Reference S3. Lindberg SE, Silsbee D, Schaefer DA, Owens JG, Petty W. 1988. A comparison of atmospheric exposure conditions at high- and low- elevation forests in the southern Appalachian Mountain Range. Pages 321–344 in Unsworth MH, Fowler D, editors. Acid deposition at high elevation sites. NATO ASI Series, Dordrecht, the Netherlands: Springer.

Found at DOI: https://doi.org/10.3996/082018-JFWM-072.S3 (2.43 MB PDF); also available at https://link.springer.com/content/pdf/10.1007%2F978-94-009-3079-7_17.pdf.

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Data S1. Acoustic site survey locations; survey dates by year, month, day, and hour; bat species acoustic passes by year, month, day, and hour; and associated weather and habitat variables for ridges, side slopes, and valley floors in the Ridge and Valley and Blue Ridge physiographic provinces of the central Appalachians in western Virginia. Archived at: https://www.sciencebase.gov/catalog/item/5b5a0904e4b0610d7f4dcb60.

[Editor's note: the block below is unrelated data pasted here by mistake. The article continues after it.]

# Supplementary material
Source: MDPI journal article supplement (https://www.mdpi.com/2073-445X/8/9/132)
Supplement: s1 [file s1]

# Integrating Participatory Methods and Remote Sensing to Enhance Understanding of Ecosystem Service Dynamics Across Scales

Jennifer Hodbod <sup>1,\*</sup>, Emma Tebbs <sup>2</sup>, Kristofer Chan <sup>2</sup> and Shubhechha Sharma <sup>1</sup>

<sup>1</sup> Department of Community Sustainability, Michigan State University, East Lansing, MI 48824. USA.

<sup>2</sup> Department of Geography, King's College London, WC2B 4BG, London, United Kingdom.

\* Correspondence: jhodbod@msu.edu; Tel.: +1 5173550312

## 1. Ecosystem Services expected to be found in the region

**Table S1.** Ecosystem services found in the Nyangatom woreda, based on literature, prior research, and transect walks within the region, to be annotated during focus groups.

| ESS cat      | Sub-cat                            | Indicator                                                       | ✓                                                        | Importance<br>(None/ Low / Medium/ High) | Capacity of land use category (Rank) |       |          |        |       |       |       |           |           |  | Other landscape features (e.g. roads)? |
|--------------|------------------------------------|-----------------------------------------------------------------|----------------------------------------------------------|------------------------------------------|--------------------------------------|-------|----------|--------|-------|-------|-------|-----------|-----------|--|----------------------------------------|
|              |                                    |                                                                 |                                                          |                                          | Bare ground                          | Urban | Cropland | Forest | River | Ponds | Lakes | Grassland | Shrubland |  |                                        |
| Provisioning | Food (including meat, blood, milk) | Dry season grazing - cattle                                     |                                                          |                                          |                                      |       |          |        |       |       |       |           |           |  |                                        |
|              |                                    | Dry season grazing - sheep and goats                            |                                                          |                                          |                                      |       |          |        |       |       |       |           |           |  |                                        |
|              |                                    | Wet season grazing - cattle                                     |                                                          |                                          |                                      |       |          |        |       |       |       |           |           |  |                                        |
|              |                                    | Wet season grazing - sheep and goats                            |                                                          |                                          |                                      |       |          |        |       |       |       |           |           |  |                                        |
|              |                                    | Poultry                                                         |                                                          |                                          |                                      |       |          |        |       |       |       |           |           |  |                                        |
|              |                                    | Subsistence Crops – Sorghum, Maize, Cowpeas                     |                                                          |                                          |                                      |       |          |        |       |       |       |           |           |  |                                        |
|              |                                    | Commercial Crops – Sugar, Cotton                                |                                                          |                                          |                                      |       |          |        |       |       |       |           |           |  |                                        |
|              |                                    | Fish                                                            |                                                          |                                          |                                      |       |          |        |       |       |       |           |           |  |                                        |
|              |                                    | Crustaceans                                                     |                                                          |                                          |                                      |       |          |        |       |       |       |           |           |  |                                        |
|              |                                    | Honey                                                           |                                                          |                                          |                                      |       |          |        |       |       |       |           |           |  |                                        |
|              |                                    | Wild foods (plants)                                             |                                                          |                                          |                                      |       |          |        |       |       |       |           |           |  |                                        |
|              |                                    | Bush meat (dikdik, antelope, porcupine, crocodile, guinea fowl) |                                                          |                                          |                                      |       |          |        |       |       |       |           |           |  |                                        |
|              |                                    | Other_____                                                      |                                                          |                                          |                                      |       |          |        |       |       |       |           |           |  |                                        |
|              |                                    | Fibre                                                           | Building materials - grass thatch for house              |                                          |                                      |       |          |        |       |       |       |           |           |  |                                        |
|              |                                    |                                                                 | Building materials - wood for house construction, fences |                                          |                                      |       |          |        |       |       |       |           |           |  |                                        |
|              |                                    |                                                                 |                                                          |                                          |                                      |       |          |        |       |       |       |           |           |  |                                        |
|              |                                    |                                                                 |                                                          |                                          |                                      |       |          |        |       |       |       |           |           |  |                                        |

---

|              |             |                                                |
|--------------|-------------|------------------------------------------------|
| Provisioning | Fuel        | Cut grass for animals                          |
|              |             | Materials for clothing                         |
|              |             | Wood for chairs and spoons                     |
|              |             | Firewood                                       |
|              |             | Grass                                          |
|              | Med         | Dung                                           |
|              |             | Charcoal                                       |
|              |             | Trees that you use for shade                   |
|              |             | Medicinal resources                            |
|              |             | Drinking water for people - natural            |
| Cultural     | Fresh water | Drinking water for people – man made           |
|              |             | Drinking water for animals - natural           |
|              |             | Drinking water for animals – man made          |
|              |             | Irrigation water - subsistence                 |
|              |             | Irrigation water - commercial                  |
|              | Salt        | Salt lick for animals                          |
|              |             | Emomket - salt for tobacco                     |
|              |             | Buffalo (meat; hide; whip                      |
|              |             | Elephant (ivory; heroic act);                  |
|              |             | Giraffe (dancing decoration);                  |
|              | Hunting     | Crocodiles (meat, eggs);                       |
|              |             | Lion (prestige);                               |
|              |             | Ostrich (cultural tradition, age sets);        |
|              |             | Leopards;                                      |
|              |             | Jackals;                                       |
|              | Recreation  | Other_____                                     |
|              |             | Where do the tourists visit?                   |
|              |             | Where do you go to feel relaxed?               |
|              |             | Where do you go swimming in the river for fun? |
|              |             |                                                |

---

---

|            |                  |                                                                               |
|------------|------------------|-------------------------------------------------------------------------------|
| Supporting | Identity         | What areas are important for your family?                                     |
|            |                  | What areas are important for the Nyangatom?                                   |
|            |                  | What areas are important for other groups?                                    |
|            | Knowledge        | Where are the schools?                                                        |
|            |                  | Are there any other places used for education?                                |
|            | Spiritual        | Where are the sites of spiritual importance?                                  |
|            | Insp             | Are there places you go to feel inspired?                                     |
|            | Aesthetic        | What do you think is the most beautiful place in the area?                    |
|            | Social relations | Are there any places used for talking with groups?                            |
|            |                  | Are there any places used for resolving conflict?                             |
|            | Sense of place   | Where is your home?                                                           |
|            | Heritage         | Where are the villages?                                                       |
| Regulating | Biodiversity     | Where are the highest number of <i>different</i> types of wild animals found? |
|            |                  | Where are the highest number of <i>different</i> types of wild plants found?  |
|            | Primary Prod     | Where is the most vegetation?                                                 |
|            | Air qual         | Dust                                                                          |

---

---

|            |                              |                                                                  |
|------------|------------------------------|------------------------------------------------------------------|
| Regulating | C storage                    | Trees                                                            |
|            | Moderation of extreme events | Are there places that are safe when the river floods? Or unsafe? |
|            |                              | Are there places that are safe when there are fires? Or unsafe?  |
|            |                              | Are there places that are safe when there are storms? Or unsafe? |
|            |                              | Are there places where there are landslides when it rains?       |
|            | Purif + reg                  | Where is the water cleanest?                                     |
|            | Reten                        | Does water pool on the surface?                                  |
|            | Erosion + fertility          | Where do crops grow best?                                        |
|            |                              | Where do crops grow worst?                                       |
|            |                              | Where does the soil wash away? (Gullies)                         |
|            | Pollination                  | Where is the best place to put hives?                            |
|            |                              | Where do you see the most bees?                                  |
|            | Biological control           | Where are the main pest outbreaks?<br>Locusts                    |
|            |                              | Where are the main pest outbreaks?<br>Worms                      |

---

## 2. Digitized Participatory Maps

Funding was provided by the Joint Fire Science Program Grant # G14AC00316 and U.S. Geological Survey Disease Program Grant #G15AC00487 through the U.S. Geological Survey Cooperative Research Unit Program. We thank the U.S. Forest Service and the National Park Service for allowing site access for this research. Acoustic monitoring equipment was provided by Bat Conservation International. S. Sweeten and L. Austin performed invaluable field assistance. This manuscript was greatly improved by the thoughtful comments of the Associate Editor and three anonymous reviewers.

Any use of trade, product, website, or firm names in this publication is for descriptive purposes only and does not imply endorsement by the U.S. Government.

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Author notes

Citation: Muthersbaugh MS, Ford WM, Powers KE, Silvis A. 2019. Activity patterns of bats during the fall and spring along ridgelines in the central Appalachians. Journal of Fish and Wildlife Management 10(1):180–195; e1944-687X. https://doi.org/10.3996/082018-JFWM-072

The findings and conclusions in this article are those of the author(s) and do not necessarily represent the views of the U.S. Fish and Wildlife Service.